South Africa has various national wildlife symbols:
National animal – the springbok (Antidorcas marsupialis)
National bird – the blue crane (Anthropoides paradisia)
National fish – the galjoen (Dichistius capensis)
National flower – the king protea (Protea cynaroides)
National tree – real yellowwood (Podocarpus latifolius)
Now, I would like to appeal to Anole Annals readers to help get the sungazer, Smaug giganteus (formerly Cordylus giganteus), formally recognized as South Africa’s national lizard by the Department of Arts and Culture. This would promote the conservation of this species, but by using it as an umbrella species, the conservation of their grassland habitats would also benefit various other organisms. It will only take a few minutes of your time. Just visit and sign the petition at: https://secure.avaaz.org/en/petition/Department_of_Arts_and_Culture_Make_Sungazers_South_Africas_national_lizard/.
The Swinhoe’s tree lizard (Japalura swinhonis) is a common endemic lizard species in Taiwan.
Wouldn’t it be great if we could get a national lizard nominated for every country?
I nominate the Swinhoe’s tree lizard (Japalura swinhonis) for Taiwan.
Which anoles would you nominate for which countries?
Me in uniform – many years, kilograms and grey hair ago.
For many years, most units in the South African Defense Force used a plain medium brown uniform, called nutria. Soldiers commonly referred to it as “browns.” A few years before my national service, the defense force started phasing it out, replacing it with the “Soldier 2000” camouflage design. When I was conscripted to serve in the South African Medical Services (SAMS) in 1993, SAMS was the only unit that completely still used the nutria uniforms, and although not as “modern-looking” as the other uniforms, we developed a sense of pride in our “browns.”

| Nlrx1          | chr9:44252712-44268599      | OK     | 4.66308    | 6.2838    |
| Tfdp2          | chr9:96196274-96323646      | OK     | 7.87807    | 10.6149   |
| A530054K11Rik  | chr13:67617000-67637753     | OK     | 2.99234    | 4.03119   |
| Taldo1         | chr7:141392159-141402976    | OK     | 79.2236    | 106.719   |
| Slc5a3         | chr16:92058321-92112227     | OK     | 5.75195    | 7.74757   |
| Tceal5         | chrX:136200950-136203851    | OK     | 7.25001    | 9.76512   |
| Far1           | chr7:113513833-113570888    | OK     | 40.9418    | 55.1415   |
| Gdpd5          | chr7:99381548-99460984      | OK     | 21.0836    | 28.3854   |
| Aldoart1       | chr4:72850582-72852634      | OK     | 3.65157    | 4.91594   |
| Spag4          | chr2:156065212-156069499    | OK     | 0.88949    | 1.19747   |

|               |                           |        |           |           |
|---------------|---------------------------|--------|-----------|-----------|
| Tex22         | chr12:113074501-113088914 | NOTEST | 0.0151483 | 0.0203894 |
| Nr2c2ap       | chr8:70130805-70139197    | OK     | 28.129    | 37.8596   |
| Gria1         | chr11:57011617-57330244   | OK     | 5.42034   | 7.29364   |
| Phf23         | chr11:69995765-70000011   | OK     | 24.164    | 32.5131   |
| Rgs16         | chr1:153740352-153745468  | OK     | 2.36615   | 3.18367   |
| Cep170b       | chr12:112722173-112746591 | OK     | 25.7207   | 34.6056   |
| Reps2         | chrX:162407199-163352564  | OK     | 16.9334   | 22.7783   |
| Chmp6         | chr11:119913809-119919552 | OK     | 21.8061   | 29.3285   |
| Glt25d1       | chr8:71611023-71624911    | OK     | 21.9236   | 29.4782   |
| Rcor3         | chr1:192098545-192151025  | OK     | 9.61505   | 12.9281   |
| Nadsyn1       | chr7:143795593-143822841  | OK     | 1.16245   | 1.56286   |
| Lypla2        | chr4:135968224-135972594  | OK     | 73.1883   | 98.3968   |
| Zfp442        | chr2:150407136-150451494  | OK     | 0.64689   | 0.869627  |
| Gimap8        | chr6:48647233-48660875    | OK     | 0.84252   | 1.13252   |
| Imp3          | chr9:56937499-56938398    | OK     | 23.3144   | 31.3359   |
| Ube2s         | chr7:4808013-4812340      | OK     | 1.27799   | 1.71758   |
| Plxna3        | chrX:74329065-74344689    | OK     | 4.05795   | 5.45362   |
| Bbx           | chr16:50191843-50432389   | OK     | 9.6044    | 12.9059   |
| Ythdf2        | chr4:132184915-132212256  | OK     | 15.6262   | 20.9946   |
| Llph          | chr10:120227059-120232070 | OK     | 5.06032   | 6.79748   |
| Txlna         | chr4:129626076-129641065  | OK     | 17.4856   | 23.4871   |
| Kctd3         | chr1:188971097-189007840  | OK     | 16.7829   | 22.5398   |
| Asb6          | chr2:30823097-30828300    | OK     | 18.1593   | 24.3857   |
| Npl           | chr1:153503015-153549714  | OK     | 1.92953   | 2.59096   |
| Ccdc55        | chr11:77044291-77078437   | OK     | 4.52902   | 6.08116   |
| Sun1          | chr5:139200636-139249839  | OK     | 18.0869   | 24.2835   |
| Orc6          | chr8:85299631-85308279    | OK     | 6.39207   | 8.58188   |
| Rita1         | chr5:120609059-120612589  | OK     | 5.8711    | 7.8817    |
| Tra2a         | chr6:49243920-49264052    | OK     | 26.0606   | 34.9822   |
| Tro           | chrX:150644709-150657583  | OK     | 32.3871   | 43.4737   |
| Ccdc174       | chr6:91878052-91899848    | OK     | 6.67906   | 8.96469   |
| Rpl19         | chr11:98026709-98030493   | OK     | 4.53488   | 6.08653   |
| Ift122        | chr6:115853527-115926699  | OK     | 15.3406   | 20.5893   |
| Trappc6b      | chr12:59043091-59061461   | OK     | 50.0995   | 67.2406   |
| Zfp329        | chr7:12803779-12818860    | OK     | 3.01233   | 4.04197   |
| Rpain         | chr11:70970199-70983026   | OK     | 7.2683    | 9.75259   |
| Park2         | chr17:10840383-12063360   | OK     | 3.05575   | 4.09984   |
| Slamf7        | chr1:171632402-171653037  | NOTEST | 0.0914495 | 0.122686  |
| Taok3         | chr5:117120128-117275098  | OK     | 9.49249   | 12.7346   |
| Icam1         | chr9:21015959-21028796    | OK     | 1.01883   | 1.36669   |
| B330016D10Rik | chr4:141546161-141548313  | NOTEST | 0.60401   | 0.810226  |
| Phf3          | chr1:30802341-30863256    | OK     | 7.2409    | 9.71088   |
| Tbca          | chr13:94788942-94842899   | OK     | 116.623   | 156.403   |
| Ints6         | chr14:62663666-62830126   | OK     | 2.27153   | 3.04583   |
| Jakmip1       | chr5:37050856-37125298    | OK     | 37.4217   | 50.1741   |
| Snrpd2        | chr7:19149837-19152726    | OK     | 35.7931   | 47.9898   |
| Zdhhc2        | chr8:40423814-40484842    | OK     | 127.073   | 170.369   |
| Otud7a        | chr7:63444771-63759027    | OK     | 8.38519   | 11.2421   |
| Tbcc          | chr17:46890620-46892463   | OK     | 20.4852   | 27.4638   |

I believe the brown anole (Anolis sagrei) needs little introduction to Anole Annals readers. I am very fortunate to have been able to do my research on the invasive population of these lizards in southwestern Taiwan. I have been a naturalist at heart since a very young age, but these lizards were my introduction to the academic side of natural history, and because of my work on them I have made numerous friends and acquaintances. So, naturally they hold a special place in my heart and mind.
A female brown anole (Anolis sagrei) from my study area in Santzepu, Sheishan District, Chiayi County, southwestern Taiwan.
Unfortunately these feelings brought a sense of guilt within me. I know all too well that they are an invasive species, which has certain impacts on native species. And yet, it is hard not to marvel at them and their ability to overcome the numerous obstacles they face in this foreign habitat.
The other day, while reading the obituary of Henry S. Fitch (1909-2009) in the 2009 issue of Herpetological Review (40: 393-400), the words of Raymond B. Huey suddenly made it all so clear to me. He described an instance in which he left a meeting at which Henry Fitch was a speaker, with a haunting lesson, “We should do science because we love the process, not because we need to love the results.” I believe that for us who work with invasive species, this is also a message. So now, when I see brown anoles, I no longer have to feel guilty when I do not wish they were rather tree lizards (Japalura spp.) or grass lizards (Takydromus spp.). I admire the “browns” and I find the process of learning about their natural history truly fascinating – I love it! I wonder how many other researchers working on invasive anoles share this sentiment?